This nomadic and highly understudied ancient predator is one of the largest living Dasyatids (whip-rays) family of fishes left on the planet. The Giant Freshwater Stingray belongs to the class Chondrichthyes, which includes all 850 species of sharks, rays, skates, and chimaeras. These fishes have cruised the oceans since the Paleozoic era. The basic dorsoventrally compressed body plan of the ray is thought to have originated during the Jurassic period, approximately 100 Mya. This design, coupled with a lack of a swim bladder and powerful jaws designed for crushing hard shells of mollusks such as clams and muscles, has made the ray the successful benthic predator it is today. The Giant freshwater stingray is found throughout the great river systems of Thailand in freshwater and estuarine enviroments and is possibly the largest freshwater fish on the planet.

This mighty Paleozoic predator is easily identifiable due to its immense rounded disc-like shape measuring upto three metres in width with a prominent snout tip and whip-like tail. Within the central section of the disc the main body of the ray is located housing the fish’s internal organs and in some specimens displaying the endoskeleton of the creature.

At the front of the pronounced body section small protruding ‘periscope’ eyes are located allowing it a limited field of vision of the water column above whilst buried in the muddy riverbed. Behind the eyes is the spiracle area often referred to as the ‘sixth gill’ which acts as a primitive type of snorkel. This adaptation allows them to breathe more easily while they are hiding in the substrate.

The Giant Freshwater Stingray has a dark brown surface on its upper/dorsal side with a highly abrasive textured skin covered in placoid scales, the tiny tooth-like structures that protect the skin of elasmobranchs and give it a sandpaper-like texture. The creature’s underside is of a very smooth nature characteristically white in colour with a grey to brown colouration around the edges. A huge cavernous mouth is located on the underside lined with highly abrasive crushing pads. Jelly-filled sensory pores “Ampullae of Lorenzini”, located on the skin around the nose and mouth on the underside of the disc, are present in most elasmobranchs and allow sharks and rays to detect minute electric fields generated by living things. This is especially useful for freshwater stingrays because it helps them to hunt down prey that might be buried in the riverbed or hiding in murky water. In addition two rows of five gill slits are located on the underside/ventral side of these prehistoric predatory giants.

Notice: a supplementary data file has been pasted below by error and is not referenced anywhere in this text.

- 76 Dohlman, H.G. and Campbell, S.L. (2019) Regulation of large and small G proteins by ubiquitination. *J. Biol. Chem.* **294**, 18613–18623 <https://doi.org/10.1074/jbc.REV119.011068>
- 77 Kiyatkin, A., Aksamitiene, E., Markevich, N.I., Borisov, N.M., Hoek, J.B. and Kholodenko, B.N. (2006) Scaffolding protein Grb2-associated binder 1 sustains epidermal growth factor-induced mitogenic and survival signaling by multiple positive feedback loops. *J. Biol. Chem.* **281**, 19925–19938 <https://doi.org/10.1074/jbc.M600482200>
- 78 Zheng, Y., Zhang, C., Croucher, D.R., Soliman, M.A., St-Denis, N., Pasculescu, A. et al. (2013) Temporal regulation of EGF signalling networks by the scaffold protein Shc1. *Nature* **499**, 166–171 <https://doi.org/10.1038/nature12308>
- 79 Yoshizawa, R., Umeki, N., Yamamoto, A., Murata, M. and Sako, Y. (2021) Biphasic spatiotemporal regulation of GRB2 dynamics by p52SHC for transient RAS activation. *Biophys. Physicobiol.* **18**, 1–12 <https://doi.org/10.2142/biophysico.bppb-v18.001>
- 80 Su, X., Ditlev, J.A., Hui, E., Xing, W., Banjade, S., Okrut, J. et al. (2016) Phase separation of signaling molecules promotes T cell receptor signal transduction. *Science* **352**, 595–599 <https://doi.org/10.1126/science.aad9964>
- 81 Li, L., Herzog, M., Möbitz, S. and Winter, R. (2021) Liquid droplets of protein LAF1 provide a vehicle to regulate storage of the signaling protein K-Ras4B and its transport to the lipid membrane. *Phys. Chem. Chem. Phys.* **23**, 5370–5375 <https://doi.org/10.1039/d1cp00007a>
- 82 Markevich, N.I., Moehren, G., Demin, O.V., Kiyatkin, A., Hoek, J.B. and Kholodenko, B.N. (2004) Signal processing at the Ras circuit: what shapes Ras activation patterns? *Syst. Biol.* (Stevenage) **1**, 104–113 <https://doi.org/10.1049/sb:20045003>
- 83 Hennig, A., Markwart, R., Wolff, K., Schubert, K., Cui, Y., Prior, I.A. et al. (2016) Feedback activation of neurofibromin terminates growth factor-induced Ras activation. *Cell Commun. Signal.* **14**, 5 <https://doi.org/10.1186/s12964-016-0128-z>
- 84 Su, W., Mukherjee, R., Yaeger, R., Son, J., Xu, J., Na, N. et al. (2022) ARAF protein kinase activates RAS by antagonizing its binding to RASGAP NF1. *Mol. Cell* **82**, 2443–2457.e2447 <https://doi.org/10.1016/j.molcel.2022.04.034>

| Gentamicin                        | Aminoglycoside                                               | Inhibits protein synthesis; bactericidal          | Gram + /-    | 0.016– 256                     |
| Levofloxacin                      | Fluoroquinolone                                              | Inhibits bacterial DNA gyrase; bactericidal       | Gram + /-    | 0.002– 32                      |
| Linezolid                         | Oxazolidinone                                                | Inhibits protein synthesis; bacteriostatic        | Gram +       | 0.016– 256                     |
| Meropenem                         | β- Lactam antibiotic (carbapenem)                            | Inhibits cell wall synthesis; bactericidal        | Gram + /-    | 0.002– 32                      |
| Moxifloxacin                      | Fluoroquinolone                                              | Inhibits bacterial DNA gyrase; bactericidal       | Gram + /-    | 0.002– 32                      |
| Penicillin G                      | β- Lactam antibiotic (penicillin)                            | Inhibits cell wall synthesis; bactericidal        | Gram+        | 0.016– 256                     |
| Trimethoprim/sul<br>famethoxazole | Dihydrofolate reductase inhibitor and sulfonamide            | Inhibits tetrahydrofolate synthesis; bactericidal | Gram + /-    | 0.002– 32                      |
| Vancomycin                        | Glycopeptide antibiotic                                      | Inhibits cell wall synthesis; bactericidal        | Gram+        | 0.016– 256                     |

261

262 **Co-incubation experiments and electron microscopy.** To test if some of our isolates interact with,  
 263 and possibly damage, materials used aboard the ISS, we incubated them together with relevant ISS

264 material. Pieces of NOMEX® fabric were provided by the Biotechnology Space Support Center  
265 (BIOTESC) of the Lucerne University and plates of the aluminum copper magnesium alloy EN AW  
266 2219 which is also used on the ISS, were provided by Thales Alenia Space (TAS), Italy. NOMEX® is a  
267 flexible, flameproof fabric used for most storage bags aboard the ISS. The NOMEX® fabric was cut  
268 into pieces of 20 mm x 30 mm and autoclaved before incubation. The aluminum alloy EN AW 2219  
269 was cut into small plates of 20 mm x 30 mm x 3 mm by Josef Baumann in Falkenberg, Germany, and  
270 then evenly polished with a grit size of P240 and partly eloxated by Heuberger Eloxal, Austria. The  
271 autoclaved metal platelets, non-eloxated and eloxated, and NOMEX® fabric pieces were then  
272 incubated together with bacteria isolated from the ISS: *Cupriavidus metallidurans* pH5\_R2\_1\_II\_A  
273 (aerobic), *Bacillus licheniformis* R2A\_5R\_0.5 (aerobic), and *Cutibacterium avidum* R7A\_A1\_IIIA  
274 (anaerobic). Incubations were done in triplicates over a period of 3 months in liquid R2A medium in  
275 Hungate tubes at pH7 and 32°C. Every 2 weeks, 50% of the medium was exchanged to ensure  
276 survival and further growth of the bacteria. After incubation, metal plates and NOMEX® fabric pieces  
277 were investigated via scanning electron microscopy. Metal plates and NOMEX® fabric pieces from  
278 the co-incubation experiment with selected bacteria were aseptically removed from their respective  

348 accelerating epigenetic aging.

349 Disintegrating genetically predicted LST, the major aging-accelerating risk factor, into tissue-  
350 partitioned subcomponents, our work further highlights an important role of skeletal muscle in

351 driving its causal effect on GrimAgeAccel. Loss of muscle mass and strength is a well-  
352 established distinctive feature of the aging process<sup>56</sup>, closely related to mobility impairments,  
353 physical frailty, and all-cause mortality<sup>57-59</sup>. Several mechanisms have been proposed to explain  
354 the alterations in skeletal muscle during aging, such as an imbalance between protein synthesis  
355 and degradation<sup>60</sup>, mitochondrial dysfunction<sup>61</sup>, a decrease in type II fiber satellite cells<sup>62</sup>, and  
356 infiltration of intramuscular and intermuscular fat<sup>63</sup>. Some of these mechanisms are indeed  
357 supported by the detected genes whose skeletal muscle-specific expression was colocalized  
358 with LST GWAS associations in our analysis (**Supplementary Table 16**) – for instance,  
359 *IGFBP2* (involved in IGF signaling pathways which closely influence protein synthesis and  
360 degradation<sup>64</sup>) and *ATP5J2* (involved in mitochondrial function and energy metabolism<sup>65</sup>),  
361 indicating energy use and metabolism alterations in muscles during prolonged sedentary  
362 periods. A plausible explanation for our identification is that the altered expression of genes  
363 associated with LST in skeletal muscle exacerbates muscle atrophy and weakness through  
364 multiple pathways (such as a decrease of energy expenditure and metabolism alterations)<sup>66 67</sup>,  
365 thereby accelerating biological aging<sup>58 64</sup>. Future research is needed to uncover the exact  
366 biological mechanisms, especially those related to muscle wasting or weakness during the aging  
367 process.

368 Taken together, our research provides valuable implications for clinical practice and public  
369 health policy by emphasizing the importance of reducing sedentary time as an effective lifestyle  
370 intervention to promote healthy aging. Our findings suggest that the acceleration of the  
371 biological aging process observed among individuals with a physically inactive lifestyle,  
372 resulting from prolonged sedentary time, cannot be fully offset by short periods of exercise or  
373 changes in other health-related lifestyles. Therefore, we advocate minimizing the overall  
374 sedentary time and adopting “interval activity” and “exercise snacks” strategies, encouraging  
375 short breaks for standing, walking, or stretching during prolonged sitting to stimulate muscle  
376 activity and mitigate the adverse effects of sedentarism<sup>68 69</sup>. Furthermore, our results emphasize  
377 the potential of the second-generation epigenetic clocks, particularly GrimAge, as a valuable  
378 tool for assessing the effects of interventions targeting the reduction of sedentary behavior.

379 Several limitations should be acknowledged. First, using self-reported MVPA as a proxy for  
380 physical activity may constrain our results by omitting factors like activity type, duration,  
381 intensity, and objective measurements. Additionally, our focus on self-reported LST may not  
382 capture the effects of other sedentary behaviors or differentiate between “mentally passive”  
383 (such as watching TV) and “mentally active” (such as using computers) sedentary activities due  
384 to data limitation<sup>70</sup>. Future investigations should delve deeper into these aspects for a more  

The Giant Freshwater Stingray is armed with two venomous barbs located close to the base of its tail which have two components: the sharp inner barb used for piercing, and a thin sheath surrounding it that contains the venom. When the spine is deployed, the barb pierces the venom sac along with the victim’s skin, and the poisonous slime is introduced into the wound. The barb is extremely sharp (it has been known penetrate bone), and it operates under the same principle as an arrowhead– it slides into flesh fairly easily, but the serrated edges make it very difficult and painful to extract. The tail is very flexible and can move in any direction within a split second, inflicting serious damage. In addition to causing great pain, the venom contains enzymes that cause tissue death. Similarly to the teeth or dorsal spines of a shark, stingray spines are thought to have originated from placoid scales, the tiny tooth-like structures that protect the skin of elasmobranchs and give it a sandpaper-like texture. Placoid scales, just like shark teeth, are lost and re-grown on a regular basis.

Determining the sex of these mighty living fossils is a relatively easy exercise with male specimens displaying obvious genitalia called claspers similar to those of a shark at the base of the tail. Female specimens are easily distinguishable by an absence of genitalia in this region.

The Giant freshwater stingray is the ultimate predatory fish and is arguably the largest freshwater fish on the planet. In an exchange of information with Zeb Hogan from mega fish project an organization funded by the WWF and other concerned agencies I asked if the Himantura Chaophraya was indeed a true freshwater fish. Zeb informed me that it has never been confirmed and that it was possible these creatures might venture into marine waters.

There are so many unanswered questions concerning these highly mysterious and obscure underwater dinosaurs which swim in some of the wildest and most unexplored waters in South East Asia.